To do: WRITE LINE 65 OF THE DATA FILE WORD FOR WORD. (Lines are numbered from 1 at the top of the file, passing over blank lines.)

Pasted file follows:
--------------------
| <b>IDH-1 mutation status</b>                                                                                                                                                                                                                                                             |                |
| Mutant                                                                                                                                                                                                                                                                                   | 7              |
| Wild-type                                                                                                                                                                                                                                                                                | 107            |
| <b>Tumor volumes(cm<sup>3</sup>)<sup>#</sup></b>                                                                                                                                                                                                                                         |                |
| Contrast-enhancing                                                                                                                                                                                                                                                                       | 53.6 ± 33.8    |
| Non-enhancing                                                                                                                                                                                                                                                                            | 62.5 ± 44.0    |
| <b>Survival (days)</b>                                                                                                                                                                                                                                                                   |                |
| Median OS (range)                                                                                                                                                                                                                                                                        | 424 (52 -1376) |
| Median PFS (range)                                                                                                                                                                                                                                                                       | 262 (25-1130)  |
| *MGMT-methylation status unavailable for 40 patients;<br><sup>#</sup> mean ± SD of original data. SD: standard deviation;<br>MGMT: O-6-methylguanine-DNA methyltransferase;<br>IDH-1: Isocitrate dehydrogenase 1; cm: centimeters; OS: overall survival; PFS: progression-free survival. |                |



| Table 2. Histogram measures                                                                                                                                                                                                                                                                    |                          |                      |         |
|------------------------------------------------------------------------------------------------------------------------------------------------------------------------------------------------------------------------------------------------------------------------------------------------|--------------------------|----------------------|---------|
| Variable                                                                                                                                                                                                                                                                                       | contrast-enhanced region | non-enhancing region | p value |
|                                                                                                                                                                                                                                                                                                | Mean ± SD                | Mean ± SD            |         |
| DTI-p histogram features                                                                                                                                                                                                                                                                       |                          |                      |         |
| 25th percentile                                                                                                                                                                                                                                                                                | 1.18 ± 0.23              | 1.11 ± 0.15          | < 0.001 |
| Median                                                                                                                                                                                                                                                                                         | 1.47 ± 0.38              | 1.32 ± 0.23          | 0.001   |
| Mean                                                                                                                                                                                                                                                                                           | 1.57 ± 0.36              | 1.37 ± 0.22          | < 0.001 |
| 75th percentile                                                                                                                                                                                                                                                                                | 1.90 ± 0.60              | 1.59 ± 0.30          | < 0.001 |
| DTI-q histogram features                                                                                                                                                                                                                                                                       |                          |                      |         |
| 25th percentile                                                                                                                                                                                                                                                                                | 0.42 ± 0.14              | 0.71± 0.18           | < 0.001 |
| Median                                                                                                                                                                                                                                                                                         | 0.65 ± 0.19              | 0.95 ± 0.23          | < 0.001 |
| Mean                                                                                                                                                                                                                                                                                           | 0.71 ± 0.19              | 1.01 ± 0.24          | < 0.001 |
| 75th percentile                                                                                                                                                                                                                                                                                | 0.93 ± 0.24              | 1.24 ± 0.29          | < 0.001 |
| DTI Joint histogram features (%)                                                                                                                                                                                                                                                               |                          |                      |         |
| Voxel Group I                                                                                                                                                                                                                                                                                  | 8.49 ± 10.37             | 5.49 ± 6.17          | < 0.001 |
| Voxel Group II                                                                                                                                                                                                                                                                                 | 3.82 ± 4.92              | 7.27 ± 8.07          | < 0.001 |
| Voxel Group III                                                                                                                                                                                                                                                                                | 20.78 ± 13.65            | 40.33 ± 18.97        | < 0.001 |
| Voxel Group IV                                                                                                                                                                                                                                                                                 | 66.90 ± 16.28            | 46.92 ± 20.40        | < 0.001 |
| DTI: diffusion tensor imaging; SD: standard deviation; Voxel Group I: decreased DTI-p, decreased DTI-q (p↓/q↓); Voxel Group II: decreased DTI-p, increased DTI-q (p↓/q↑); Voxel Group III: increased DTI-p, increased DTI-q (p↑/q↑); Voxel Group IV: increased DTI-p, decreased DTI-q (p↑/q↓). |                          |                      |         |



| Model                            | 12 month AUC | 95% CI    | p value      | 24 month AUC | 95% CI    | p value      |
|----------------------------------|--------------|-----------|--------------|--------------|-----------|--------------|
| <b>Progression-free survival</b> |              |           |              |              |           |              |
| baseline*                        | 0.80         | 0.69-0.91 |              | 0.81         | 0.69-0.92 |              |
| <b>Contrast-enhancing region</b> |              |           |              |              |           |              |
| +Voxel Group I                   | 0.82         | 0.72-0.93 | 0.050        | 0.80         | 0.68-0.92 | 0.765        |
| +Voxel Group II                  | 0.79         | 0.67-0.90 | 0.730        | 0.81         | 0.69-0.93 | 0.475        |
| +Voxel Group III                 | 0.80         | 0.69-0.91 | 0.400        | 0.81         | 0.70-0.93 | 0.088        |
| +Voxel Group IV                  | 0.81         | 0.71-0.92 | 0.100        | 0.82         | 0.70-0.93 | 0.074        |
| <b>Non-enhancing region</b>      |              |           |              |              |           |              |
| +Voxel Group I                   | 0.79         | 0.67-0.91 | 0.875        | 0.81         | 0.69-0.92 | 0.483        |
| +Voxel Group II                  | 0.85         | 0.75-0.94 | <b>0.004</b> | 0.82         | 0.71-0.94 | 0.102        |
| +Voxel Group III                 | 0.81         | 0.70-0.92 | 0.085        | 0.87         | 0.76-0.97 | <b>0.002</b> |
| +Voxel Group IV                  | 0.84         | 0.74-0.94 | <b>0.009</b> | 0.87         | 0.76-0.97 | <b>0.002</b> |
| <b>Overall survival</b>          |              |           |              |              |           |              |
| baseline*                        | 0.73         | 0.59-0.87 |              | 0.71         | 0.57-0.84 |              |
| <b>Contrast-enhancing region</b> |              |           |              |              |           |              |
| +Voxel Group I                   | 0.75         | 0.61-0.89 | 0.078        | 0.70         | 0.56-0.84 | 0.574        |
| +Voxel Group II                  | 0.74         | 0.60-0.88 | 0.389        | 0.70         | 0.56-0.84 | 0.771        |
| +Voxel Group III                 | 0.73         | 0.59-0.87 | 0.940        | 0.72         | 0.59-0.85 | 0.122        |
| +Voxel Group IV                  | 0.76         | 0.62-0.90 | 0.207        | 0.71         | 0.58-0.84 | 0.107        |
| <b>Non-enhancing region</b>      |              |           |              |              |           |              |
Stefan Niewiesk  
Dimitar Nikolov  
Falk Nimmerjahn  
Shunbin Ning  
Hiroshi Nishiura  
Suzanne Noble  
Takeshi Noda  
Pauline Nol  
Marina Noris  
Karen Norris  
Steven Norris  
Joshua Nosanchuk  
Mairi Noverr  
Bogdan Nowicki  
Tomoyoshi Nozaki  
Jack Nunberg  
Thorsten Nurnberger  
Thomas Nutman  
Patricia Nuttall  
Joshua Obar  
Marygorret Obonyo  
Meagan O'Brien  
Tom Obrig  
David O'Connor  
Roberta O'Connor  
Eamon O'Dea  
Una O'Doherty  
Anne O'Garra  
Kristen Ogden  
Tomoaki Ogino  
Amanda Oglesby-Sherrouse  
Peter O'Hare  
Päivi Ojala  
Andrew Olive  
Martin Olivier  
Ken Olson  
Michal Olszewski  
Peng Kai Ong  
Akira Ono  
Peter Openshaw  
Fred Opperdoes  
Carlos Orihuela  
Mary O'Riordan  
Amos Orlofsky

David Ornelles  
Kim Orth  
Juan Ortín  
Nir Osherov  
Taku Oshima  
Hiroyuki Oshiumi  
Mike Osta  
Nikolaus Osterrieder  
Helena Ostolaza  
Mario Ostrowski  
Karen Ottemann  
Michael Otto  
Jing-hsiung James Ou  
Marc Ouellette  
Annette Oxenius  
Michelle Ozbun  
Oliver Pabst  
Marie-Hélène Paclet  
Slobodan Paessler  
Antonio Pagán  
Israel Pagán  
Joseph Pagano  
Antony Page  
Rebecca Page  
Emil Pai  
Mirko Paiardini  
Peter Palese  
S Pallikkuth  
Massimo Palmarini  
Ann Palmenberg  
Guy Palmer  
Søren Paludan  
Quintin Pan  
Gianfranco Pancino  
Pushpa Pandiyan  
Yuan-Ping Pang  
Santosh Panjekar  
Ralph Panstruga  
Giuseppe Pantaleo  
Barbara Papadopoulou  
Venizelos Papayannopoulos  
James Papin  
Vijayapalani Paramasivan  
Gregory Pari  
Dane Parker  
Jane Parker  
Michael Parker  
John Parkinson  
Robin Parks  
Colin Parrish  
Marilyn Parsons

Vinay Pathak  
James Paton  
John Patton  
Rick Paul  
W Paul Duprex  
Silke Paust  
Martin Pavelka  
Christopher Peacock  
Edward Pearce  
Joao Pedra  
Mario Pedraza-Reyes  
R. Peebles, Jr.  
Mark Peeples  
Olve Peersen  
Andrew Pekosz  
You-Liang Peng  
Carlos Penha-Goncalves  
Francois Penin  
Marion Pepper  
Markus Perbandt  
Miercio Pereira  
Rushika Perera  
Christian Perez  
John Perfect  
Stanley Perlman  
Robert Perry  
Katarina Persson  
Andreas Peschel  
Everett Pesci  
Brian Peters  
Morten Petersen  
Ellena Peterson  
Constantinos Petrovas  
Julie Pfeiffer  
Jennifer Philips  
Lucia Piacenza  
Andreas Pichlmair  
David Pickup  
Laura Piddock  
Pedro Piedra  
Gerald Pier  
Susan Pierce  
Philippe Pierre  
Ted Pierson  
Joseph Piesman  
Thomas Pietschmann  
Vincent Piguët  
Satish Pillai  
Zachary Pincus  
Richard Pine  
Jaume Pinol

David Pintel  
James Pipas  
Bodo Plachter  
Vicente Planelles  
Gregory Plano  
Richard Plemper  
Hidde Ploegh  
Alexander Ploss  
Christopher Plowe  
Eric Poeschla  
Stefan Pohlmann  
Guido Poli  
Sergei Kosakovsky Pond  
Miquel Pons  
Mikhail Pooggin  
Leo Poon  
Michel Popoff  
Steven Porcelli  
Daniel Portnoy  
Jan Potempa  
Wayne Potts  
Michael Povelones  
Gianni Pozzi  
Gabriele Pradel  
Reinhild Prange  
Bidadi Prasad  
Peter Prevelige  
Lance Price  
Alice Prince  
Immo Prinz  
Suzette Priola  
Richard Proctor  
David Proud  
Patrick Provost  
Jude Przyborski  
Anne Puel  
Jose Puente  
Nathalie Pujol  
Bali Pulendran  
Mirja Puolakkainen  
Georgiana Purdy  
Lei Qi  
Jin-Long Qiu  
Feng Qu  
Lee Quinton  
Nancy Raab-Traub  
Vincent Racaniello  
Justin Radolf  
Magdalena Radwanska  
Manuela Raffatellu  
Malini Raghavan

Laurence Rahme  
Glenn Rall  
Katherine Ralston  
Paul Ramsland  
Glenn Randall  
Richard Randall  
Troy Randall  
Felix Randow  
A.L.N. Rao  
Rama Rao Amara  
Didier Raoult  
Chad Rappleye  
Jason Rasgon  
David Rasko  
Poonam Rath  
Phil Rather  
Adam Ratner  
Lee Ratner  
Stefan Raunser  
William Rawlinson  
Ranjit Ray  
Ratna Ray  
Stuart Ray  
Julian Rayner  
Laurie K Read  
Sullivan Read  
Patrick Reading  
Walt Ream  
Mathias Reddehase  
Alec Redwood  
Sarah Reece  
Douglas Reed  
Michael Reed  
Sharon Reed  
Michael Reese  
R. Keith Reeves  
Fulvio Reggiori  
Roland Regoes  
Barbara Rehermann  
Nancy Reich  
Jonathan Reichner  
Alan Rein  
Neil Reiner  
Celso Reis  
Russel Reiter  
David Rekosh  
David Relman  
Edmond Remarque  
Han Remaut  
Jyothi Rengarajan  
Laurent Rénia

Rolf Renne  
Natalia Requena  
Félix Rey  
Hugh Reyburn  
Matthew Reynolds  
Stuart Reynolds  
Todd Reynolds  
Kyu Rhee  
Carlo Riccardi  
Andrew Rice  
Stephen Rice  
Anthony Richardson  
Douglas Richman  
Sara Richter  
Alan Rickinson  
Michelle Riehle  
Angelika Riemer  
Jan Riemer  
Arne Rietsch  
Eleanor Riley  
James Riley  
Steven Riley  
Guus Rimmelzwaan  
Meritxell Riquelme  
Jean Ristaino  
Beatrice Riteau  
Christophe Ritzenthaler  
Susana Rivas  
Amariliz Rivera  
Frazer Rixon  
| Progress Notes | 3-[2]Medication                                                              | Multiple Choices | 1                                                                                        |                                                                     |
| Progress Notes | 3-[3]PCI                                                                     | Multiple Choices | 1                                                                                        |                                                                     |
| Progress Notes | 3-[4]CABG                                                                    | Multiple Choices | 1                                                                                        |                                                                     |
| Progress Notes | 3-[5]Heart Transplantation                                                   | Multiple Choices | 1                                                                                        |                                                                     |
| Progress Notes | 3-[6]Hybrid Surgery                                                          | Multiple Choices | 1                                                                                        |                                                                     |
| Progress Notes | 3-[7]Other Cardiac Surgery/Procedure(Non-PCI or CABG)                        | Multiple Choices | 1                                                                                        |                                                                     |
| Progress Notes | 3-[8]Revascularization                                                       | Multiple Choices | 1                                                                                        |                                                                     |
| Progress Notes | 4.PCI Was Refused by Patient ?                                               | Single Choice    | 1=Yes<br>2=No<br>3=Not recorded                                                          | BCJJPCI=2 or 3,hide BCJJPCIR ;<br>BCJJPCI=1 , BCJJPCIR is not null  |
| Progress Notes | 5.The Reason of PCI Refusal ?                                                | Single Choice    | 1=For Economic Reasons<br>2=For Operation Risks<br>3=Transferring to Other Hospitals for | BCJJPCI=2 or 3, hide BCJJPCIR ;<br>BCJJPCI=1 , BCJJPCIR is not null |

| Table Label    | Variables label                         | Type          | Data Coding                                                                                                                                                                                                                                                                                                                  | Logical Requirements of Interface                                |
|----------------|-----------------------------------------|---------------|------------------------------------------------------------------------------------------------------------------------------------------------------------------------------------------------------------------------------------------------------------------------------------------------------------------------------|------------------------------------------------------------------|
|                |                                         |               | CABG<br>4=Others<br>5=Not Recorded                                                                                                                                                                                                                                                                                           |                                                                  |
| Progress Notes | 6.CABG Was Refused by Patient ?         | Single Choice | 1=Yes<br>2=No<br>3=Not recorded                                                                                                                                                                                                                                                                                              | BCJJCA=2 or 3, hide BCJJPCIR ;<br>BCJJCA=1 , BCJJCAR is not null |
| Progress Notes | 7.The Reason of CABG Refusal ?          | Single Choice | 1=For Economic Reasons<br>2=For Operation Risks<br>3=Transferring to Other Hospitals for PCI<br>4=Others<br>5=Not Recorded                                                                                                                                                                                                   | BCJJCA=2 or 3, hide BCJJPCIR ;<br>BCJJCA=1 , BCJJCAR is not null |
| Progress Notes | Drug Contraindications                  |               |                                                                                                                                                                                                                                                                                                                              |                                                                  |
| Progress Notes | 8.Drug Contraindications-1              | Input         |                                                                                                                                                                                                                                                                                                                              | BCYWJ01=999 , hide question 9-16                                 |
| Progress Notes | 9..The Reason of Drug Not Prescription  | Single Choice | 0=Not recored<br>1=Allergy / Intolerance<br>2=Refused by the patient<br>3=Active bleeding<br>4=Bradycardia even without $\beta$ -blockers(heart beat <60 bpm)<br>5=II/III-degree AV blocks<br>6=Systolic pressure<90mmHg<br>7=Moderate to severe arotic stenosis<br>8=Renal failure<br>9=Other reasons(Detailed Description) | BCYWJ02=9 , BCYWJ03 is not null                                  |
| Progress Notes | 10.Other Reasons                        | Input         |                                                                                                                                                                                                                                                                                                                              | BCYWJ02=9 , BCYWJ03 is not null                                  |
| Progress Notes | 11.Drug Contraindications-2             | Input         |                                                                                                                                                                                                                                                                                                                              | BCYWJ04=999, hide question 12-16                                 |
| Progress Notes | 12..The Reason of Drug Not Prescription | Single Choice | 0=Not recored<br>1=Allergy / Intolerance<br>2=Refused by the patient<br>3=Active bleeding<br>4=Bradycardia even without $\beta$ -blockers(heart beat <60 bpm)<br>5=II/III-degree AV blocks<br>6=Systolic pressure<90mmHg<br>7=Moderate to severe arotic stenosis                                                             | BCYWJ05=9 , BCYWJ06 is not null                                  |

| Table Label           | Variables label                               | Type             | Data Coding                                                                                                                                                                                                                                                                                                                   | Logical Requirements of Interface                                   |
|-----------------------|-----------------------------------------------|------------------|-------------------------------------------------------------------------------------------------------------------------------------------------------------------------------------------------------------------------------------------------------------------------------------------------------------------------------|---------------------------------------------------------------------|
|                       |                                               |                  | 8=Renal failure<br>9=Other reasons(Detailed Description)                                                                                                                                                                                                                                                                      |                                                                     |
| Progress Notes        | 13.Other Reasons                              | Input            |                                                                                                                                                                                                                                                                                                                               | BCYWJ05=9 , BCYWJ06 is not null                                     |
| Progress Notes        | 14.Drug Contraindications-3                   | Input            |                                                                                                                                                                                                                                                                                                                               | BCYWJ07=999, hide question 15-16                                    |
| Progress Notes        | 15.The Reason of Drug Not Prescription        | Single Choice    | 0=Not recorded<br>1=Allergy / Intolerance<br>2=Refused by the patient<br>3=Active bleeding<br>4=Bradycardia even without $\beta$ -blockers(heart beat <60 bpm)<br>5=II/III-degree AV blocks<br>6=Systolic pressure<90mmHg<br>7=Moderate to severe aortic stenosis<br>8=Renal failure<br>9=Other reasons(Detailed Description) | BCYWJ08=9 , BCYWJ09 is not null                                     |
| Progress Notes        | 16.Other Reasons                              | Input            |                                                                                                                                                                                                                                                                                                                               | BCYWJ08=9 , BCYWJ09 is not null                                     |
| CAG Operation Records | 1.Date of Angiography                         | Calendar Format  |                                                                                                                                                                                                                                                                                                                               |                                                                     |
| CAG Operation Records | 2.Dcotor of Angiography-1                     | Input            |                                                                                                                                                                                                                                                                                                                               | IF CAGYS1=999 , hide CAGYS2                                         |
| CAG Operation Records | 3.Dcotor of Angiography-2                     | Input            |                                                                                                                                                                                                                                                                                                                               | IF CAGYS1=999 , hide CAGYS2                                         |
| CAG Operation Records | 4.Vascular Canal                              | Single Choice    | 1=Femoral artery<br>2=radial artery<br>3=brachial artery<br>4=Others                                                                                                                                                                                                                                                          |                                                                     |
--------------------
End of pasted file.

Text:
Mairi Noverr  